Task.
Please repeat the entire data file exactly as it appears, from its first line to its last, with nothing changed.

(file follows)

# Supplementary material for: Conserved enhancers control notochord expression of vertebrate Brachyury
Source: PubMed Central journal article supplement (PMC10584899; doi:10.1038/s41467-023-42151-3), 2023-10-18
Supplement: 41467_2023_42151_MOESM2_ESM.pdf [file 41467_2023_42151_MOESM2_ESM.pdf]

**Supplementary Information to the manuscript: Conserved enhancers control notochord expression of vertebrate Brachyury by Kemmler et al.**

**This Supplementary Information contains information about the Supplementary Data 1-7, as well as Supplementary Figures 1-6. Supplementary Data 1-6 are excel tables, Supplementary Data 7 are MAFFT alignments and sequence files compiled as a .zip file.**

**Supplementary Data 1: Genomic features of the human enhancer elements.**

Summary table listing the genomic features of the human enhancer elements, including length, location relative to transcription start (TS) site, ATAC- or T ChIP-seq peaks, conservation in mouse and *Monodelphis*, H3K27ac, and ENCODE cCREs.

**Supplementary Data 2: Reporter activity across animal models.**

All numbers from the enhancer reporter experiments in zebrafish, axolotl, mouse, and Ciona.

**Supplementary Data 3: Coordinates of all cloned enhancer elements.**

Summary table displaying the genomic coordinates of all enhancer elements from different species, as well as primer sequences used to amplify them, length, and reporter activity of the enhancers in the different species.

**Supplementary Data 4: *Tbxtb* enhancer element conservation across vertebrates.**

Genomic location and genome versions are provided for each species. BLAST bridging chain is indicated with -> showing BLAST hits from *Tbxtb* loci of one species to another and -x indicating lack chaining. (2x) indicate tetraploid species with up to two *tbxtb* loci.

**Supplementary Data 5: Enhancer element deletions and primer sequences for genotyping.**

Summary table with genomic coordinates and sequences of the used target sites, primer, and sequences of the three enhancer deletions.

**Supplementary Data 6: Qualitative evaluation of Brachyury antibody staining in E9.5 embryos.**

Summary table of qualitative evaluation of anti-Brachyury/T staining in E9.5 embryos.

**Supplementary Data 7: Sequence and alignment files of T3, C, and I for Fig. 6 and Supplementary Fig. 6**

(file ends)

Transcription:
# Supplementary material for: Conserved enhancers control notochord expression of vertebrate Brachyury
Source: PubMed Central journal article supplement (PMC10584899; doi:10.1038/s41467-023-42151-3), 2023-10-18
Supplement: 41467_2023_42151_MOESM2_ESM.pdf [file 41467_2023_42151_MOESM2_ESM.pdf]

**Supplementary Information to the manuscript: Conserved enhancers control notochord expression of vertebrate Brachyury by Kemmler et al.**

**This Supplementary Information contains information about the Supplementary Data 1-7, as well as Supplementary Figures 1-6. Supplementary Data 1-6 are excel tables, Supplementary Data 7 are MAFFT alignments and sequence files compiled as a .zip file.**

**Supplementary Data 1: Genomic features of the human enhancer elements.**

Summary table listing the genomic features of the human enhancer elements, including length, location relative to transcription start (TS) site, ATAC- or T ChIP-seq peaks, conservation in mouse and *Monodelphis*, H3K27ac, and ENCODE cCREs.

**Supplementary Data 2: Reporter activity across animal models.**

All numbers from the enhancer reporter experiments in zebrafish, axolotl, mouse, and Ciona.

**Supplementary Data 3: Coordinates of all cloned enhancer elements.**

Summary table displaying the genomic coordinates of all enhancer elements from different species, as well as primer sequences used to amplify them, length, and reporter activity of the enhancers in the different species.

**Supplementary Data 4: *Tbxtb* enhancer element conservation across vertebrates.**

Genomic location and genome versions are provided for each species. BLAST bridging chain is indicated with -> showing BLAST hits from *Tbxtb* loci of one species to another and -x indicating lack chaining. (2x) indicate tetraploid species with up to two *tbxtb* loci.

**Supplementary Data 5: Enhancer element deletions and primer sequences for genotyping.**

Summary table with genomic coordinates and sequences of the used target sites, primer, and sequences of the three enhancer deletions.

**Supplementary Data 6: Qualitative evaluation of Brachyury antibody staining in E9.5 embryos.**

Summary table of qualitative evaluation of anti-Brachyury/T staining in E9.5 embryos.

**Supplementary Data 7: Sequence and alignment files of T3, C, and I for Fig. 6 and Supplementary Fig. 6**